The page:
Home healthcare is a rapid growing industry within the United States. Specifically, the caring for senior citizens is creating job opportunities for healthcare professionals throughout the country. This is a tremendous opportunity for business entrepreneurs to carve their own niche and develop their brand in an ever-booming market. In just a few years Jody Prendergast has taken her company and brand to another level and she is re-defining the delivery of home healthcare by providing exceptional caregivers who are qualified, reliable, trustworthy, respectful, and in many cases bilingual, to assist the elderly population and the disabled.
Ms. Jody Prendergast is the chief executive officer and president of White Rose Home HealthCare Agency, LLC, a home healthcare agency with a headquarters office in Connecticut. The agency provides exceptional care to senior citizens, as well as people with disabilities. Known for attention to detail, a relentless work ethic, a no-nonsense demeanor, and meeting patients needs, have made her thrive in the home healthcare sector. We have no doubt that her business will continue to flourish, garner attention, and receive awards within the home healthcare industry.
Recently, Jody sat down with Industry Rules Magazine to discuss her career and future vision for her fast growing company.
AF. How did you get started in the healthcare industry?
JP: I like to say the healthcare industry chose me. I was going to school to pursue a career in law when I landed an internship at a nursing home where I worked closely with the administrator. Working with the administrator where she was in charge of the daily operations, system development and overall management gave me the knowledge of the administrative side within healthcare. I enjoyed interning and interacting with clients. I was feeling fulfilled as I was working. This allowed the change of my career from law to healthcare as well as the discovery of my niche, which was to help others especially the disabled. After gaining my undergraduate degree in human services, I decided to pursue my masters in healthcare management. Gaining my masters in healthcare management landed my first leadership position at a hospital within the oncology department. Gaining this position allowed the understanding of the need for quality in-home care, which prompted my entrepreneurial mindset to open my own home healthcare entity.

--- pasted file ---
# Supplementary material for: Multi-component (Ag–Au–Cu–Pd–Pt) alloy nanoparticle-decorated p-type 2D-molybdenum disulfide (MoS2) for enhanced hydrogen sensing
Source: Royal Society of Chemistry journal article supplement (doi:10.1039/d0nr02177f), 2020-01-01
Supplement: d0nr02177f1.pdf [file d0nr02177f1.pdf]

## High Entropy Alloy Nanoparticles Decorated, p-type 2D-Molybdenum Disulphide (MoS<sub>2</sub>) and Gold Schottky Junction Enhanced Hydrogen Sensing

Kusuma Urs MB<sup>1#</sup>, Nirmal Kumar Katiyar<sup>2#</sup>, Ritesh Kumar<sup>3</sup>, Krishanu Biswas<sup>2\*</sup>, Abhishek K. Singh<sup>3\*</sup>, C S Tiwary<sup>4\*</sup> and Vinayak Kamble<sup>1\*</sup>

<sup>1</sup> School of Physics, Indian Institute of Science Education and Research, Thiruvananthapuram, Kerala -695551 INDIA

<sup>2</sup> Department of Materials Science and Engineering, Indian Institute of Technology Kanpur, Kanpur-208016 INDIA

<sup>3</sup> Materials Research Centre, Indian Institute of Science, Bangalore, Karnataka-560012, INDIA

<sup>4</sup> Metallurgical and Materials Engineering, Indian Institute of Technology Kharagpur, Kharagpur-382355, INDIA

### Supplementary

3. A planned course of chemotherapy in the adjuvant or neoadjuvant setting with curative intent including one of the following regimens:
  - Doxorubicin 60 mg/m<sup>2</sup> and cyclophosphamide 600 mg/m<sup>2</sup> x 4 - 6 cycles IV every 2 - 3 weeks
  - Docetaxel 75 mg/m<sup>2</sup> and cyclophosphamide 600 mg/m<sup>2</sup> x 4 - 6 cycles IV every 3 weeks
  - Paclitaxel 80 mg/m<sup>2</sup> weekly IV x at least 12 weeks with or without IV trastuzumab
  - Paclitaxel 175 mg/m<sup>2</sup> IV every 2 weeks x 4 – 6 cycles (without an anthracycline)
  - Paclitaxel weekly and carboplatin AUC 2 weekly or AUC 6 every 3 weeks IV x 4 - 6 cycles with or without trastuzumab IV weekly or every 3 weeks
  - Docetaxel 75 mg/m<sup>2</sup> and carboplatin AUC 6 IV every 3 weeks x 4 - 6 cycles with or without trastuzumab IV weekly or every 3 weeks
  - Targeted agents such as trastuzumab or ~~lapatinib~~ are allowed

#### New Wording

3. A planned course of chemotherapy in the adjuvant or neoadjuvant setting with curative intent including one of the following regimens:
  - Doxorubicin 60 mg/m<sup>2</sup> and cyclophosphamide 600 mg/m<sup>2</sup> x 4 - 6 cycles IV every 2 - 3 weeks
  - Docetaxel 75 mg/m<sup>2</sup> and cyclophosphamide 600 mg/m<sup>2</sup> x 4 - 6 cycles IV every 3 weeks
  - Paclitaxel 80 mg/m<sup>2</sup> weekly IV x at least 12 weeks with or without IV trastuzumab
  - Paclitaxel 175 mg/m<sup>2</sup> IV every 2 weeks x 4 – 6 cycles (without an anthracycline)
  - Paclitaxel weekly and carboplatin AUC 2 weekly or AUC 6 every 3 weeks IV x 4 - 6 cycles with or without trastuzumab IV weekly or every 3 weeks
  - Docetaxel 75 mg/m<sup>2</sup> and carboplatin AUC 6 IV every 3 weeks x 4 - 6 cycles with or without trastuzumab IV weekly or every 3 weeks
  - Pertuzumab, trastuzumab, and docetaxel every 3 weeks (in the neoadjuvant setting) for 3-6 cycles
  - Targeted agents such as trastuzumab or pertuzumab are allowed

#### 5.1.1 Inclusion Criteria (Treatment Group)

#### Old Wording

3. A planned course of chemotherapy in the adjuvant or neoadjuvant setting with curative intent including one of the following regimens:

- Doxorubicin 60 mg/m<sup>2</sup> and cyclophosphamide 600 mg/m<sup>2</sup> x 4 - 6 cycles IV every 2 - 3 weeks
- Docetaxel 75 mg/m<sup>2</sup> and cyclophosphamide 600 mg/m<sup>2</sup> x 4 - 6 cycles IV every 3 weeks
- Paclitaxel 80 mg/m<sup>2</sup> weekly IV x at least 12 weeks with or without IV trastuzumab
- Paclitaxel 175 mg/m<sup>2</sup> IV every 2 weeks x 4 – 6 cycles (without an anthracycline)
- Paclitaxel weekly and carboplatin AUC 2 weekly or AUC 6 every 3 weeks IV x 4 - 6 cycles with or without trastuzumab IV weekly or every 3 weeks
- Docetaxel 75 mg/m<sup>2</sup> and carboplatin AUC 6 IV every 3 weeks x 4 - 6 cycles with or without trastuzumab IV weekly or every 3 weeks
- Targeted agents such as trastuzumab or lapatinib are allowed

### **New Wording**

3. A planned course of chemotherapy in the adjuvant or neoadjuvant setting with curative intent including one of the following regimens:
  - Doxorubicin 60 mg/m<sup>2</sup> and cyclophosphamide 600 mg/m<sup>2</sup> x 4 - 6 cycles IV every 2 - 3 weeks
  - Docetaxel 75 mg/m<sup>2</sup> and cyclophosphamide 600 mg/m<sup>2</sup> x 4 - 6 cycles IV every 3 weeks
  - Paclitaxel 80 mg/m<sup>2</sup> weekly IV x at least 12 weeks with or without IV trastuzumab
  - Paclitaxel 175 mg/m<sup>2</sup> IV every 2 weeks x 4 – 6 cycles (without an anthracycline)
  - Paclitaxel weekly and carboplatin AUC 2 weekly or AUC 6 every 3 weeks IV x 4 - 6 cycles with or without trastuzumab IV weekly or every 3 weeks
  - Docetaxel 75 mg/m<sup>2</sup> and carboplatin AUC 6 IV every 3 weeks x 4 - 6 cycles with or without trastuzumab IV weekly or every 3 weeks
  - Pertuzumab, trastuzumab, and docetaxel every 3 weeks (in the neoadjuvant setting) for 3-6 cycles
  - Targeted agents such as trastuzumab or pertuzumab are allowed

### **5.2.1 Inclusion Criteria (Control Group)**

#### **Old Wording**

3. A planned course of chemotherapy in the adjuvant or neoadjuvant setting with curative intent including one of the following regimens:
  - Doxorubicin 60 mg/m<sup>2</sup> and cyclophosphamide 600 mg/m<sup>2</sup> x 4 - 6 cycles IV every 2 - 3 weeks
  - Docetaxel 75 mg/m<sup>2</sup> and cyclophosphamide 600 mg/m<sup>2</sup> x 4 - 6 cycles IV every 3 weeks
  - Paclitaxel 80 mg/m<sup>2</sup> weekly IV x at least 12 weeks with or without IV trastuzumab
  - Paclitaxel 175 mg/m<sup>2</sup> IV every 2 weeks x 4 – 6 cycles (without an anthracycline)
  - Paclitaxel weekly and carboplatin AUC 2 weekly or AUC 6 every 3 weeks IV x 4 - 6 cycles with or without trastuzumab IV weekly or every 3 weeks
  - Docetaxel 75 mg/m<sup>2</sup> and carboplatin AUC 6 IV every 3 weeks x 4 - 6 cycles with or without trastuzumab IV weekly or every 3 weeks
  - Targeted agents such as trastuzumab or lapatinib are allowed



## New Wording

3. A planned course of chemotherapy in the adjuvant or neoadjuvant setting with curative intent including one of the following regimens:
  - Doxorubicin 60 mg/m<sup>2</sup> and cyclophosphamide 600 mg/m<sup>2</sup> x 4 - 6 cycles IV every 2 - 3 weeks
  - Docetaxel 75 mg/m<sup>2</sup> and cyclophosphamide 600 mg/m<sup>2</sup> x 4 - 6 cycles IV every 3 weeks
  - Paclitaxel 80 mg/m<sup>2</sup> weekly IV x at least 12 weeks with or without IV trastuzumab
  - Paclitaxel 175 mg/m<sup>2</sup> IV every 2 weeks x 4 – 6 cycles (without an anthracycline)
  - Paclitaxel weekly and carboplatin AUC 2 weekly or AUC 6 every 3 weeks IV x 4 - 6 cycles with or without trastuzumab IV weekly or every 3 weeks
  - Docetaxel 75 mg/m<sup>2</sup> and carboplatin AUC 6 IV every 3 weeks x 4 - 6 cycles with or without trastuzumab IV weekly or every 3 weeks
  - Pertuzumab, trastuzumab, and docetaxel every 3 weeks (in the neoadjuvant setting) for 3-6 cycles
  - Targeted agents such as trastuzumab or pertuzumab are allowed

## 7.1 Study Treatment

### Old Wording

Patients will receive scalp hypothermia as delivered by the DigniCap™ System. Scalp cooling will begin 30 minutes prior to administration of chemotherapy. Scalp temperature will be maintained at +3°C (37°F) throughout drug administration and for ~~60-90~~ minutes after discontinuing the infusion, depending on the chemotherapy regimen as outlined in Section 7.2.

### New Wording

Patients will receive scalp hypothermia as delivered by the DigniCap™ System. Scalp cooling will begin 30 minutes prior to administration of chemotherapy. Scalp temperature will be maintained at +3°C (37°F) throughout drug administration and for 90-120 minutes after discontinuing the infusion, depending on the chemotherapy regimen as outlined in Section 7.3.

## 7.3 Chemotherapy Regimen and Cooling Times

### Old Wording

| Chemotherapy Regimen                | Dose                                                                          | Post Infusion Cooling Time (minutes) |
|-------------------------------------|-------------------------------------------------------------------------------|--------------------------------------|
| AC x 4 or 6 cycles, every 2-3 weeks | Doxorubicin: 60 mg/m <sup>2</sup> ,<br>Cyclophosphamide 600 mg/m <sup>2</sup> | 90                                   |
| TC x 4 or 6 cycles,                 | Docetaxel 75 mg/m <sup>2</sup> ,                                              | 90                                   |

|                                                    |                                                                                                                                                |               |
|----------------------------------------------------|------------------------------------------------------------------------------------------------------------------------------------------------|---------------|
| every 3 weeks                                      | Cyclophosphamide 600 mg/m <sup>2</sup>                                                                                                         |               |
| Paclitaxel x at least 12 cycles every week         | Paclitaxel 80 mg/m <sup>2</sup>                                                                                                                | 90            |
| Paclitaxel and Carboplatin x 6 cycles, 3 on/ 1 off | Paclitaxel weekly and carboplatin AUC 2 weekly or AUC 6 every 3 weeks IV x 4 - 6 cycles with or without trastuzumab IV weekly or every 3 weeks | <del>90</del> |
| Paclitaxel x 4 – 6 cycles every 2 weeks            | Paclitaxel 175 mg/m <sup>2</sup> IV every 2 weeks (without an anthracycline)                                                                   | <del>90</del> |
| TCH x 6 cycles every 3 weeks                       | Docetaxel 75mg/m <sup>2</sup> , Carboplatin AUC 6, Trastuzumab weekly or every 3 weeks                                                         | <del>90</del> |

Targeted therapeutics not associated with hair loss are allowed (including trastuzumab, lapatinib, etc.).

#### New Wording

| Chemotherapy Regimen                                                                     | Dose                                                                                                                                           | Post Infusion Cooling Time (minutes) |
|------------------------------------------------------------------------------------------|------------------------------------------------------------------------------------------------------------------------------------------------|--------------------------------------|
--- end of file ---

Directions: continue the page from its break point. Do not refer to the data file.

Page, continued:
AF. What challenges did you face when you started your company?
JP: One challenge I faced when I started my company was gaining the trust of the community. When you go to have a surgery you are always seeking the surgeon that is more qualified or has performed the procedure for a vast amount of years, that was the same in the home healthcare industry. They wanted companies that had experience and so I had to figure out how to gain their trust. I started gaining their trust by hiring experienced staff members. Instead of promoting the fact that the company was new, we promoted having caregivers with vast amount of experience which gained us recognition and a good reputation.
Another challenge that I faced was finding startup funding because banks wanted experience and so I had to continue working my 9 to 5 until I was able to venture out on my own. This challenge forced me to brand the company as a big entity, but I ran it like a small entity. For instance, our first office was in a shared office space where when you walk into the building, it looks corporate and professional, but we only had one office with one deck. We have our meetings in the conference room and the boardrooms provided by the company. Individuals would walk away thinking it was all ours and felt the need to be a part of it. Starting small allowed for growth, I was able to save funds and later leased my own entity.
AF. What motivated you to strive for entrepreneurship?